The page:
“I believe wholeheartedly in this game and its potential power to give people direction and meaning and that’s what this is all about.”
That’s the platform underpinning the inaugural Dream Big Time program that takes a big next step this weekend.
The Dream Big Time program is providing the opportunity of a lifetime for more than a hundred Indigenous men and women from around Australia.
There will be 133 scouted players landing in Sydney on Friday for a three-day camp, from which two squads of 20 will be picked.
Among the group will be the remarkable duo of Rohan Armstrong and Joshua Davis, who were spotted when the tour ventured into the Alice Springs Correctional Centre.
The pair have raw talent but little else - neither even own a pair of joggers or any football kit to take to the Sydney camp.
For them, this could be a chance they never thought they’d have for a second chance in their lives.
When news filtered down that they would be invited to the camp, after two rounds of testing, the pair were in shock as much as anything when it came to the chance they were about to receive.
Davis and Armstrong aren’t the only ones who never thought they’d have this chance to turn their lives around.
Jarred Hodges is a former Sevens assistant and current Rugby Australia special projects manager who has led the program in its journey around the country and said the opportunity for Davis and Armstrong was exactly what Dream Big Time was created for.
“On both visits, we spent some time with them during those two visits and just in constant consultation with (sports development officer) Craig getting feedback of what they thought and following up post our visit,” he said.
“Josh was training all the time, once he knew he was a chance.
When we went back there the second time, we mentioned to Josh that we were looking at inviting him as long as he could get approved, all the boys just celebrated, got around him and it was amazing, bit of a teary moment and Josh was in disbelief.”
Many of the people involved this weekend have never been on a plane, let alone travelled to Sydney, and the opportunity is one that will be unrivalled in a number of ways.
Each player will have an individual journey from Davis and Armstrong in Alice to teenage speedster Hudson Berry.
Berry is a Randwick colts player, set to line up in this weekend’s grand final against Sydney Uni, also looking to make the most of his unlikely chance to push for Sevens honours.
The winger has plenty of pace - he has been a regular on the regional Gift scene in recent years - but rugby is a new endeavour for him after growing up playing league.
It was through one of his friends that Berry came down to the Dream Big Time testing and didn’t imagine he would make it to the next stage.
“I didn’t really know what to expect to be honest, never experienced treatment like that, just lucky to be there,” he said.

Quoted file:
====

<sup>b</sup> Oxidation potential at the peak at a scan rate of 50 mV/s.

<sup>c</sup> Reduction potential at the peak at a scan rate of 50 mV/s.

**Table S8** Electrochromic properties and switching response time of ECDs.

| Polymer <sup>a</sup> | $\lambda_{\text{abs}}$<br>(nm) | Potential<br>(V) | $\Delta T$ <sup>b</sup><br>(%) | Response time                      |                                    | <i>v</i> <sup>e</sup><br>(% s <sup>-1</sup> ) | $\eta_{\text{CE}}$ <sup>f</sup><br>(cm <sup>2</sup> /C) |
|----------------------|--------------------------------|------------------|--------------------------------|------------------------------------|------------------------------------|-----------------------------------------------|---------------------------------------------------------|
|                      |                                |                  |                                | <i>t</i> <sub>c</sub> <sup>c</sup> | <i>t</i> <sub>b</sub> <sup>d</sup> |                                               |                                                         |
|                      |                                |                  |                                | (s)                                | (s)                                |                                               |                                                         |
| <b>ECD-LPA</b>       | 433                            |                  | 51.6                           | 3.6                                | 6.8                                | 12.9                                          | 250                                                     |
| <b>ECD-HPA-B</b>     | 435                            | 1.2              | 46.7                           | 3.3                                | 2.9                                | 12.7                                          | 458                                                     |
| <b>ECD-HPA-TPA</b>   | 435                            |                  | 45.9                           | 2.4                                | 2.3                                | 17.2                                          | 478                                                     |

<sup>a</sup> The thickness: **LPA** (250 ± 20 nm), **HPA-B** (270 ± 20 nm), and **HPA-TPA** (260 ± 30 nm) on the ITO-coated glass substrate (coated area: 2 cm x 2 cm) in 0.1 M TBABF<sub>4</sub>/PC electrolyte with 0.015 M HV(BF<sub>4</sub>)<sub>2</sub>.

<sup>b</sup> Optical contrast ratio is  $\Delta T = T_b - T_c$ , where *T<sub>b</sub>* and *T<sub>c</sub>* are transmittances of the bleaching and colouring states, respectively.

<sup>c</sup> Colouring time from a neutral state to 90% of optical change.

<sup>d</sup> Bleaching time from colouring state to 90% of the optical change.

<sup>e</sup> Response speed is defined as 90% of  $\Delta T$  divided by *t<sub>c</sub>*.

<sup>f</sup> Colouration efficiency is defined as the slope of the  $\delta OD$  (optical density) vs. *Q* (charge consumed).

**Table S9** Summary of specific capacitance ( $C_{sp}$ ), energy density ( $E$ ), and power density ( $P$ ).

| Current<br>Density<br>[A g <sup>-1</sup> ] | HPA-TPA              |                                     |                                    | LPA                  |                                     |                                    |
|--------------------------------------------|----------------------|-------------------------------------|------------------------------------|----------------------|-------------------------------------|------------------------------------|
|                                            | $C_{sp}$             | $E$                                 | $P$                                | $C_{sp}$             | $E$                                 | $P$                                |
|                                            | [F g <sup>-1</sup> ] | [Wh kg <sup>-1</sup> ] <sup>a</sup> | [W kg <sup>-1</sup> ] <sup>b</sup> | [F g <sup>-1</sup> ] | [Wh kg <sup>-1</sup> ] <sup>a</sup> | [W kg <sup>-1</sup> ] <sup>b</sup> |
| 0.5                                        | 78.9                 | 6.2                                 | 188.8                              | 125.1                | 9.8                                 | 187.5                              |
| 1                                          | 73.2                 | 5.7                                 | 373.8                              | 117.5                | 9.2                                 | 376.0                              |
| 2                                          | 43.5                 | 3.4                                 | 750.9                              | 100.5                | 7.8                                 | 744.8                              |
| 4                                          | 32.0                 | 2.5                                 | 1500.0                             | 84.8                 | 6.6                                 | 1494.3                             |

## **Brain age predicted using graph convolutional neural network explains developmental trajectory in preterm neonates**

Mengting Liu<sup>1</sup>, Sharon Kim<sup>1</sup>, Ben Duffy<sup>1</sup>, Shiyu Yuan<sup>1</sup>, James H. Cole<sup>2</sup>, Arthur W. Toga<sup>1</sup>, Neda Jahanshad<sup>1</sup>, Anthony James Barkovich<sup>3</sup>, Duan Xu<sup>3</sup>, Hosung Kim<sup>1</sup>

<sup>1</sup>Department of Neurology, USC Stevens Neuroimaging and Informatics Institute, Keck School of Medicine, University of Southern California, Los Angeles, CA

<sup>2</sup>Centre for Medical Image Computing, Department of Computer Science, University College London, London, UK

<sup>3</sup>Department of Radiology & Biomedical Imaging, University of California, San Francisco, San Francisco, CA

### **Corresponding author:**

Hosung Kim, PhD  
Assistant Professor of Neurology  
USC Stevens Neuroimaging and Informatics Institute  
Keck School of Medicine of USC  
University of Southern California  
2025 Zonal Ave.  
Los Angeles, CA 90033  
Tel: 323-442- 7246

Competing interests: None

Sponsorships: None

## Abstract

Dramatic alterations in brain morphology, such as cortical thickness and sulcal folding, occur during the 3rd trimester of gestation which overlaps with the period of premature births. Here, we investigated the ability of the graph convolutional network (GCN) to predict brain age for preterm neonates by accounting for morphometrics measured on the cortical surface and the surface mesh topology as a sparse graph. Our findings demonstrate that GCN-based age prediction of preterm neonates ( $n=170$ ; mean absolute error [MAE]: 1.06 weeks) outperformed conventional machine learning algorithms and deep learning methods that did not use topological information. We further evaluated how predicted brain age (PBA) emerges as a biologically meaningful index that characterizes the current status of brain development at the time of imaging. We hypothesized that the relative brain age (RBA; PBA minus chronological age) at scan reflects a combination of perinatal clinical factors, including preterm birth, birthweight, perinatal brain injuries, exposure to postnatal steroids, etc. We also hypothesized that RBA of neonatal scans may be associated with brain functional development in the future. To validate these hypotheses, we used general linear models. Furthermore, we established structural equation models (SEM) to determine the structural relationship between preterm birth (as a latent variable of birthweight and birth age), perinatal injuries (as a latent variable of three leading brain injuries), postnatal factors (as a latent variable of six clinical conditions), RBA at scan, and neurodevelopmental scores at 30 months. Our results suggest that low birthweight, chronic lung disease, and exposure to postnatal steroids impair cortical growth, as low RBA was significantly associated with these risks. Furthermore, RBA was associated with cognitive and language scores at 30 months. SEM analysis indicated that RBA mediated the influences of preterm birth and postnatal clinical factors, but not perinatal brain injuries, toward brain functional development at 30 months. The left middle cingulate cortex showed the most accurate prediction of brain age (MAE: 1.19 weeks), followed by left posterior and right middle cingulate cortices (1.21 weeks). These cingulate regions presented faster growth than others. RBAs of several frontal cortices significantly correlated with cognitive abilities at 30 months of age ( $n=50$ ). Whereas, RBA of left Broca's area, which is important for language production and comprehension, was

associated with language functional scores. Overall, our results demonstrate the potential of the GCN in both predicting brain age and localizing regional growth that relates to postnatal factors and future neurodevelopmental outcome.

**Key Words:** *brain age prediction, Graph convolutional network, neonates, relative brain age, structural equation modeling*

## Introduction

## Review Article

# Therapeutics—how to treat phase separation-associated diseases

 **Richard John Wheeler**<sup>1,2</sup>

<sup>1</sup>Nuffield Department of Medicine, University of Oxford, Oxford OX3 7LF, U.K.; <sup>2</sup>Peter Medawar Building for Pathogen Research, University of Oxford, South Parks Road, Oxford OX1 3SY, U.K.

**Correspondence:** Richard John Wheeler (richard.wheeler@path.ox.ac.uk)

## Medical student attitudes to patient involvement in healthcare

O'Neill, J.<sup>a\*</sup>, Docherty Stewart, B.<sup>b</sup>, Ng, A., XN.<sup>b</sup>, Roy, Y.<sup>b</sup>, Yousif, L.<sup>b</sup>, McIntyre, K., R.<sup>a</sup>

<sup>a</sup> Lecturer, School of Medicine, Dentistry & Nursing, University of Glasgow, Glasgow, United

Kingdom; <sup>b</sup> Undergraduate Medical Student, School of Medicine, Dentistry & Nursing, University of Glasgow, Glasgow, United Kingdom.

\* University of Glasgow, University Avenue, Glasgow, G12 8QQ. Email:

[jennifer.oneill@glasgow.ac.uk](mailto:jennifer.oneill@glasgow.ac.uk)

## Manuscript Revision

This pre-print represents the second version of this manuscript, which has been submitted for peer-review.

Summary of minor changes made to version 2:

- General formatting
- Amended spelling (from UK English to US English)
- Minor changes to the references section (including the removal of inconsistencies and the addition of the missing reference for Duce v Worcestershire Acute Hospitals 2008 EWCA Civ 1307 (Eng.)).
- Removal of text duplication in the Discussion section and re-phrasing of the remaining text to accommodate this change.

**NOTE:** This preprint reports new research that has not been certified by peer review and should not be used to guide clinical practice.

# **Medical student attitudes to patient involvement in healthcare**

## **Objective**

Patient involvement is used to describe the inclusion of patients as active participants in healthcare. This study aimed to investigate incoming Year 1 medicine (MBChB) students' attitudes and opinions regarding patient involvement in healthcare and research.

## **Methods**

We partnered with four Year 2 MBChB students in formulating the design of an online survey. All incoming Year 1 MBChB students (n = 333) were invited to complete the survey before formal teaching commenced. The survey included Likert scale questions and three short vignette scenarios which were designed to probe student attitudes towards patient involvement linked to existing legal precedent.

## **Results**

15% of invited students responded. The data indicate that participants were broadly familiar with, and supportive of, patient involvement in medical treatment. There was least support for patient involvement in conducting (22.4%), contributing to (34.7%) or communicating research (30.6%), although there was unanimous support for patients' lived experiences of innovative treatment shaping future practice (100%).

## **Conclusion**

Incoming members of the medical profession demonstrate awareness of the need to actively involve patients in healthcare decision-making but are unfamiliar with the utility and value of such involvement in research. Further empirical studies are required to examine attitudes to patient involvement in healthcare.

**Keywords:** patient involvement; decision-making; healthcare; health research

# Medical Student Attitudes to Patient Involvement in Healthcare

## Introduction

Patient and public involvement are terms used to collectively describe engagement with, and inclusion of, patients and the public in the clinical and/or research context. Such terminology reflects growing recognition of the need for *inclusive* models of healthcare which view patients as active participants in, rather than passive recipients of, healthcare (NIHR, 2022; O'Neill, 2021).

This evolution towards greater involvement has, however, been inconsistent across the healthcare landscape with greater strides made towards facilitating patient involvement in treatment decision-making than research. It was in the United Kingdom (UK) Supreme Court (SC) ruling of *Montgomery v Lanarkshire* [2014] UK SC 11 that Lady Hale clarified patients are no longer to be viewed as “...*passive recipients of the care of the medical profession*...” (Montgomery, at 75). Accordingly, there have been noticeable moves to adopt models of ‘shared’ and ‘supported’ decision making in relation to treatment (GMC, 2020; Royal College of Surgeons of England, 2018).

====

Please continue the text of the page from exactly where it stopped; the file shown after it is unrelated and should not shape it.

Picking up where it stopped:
“It’s amazing. Sevens is something I’d like to do and I think for me it plays to my strengths and it suits me and to get that opportunity is amazing.”
The teenager is in his first year of medicine at UNSW but experiencing the Dream Big Time program and the thought of potentially pushing for a national Sevens spot has given him something else to strive for.
“I definitely have given it some thought, with these new opportunities coming up,” he said.
“Medicine’s something I’ve wanted to do since I was 10 years old but footy is something I’ve always done, it’s part of my family.
“If it came down to it, though, I know I would pick footy now - I can always come back to medicine, I can only play footy for so long.”
The student is active in the Indigenous community as well, working with the UNSW Nura Gili program to help provide more opportunities for Indigenous people to succeed.
So to be a part of the Dream Big Time camp is something he will cherish.
“As a general population, we are a bit disadvantaged and definitely have been in the past," he said.
“I’m lucky enough that I wasn’t really disadvantaged growing up but it’s a huge opportunity.
"It’s a really good initiative.”
The oldest of four children, Berry joked he could be the beginning of a line of his family members putting themselves in contention.
The Dream Big Time camp kicks off on Friday August 23, with two squads of 20 being selected out of the camp, with the view of playing at invitational Sevens tournaments, including even hopefully the Dubai Sevens.
Beyond the on-field element, though, there will be a focus on the importance of nutrition and the value of community leadership.
Those who are selected for the squads will be armed with the task of creating a Sevens team in their own communities to take to the Ella Sevens, an annual Indigenous competition, to put their leadership into practice.
“They will be given the task of going back into their community and organising touch rugby or organising a community team for Ella 7s," Hodges said.
Coming back from this camp will give these guys and girls a profile in their community and we want them to use that profile to build leaders which promote health and fitness.”
For Hodges, that element of the program is as important as whether one of these people becomes an Olympian one day.
“The programs have to be wholistic, they can’t be just about footy,” he said.
“We take for granted what’s at our disposal when it comes to even simple things around nutrition but a lot of these communities don’t have that choice.
So this is about having those conversations to ask what they do have around them and what they can do to lead a healthy life.
“We’re looking to really empower them in their community and give them ownership going forward.”
The Dream Big Time squads will be announced next month.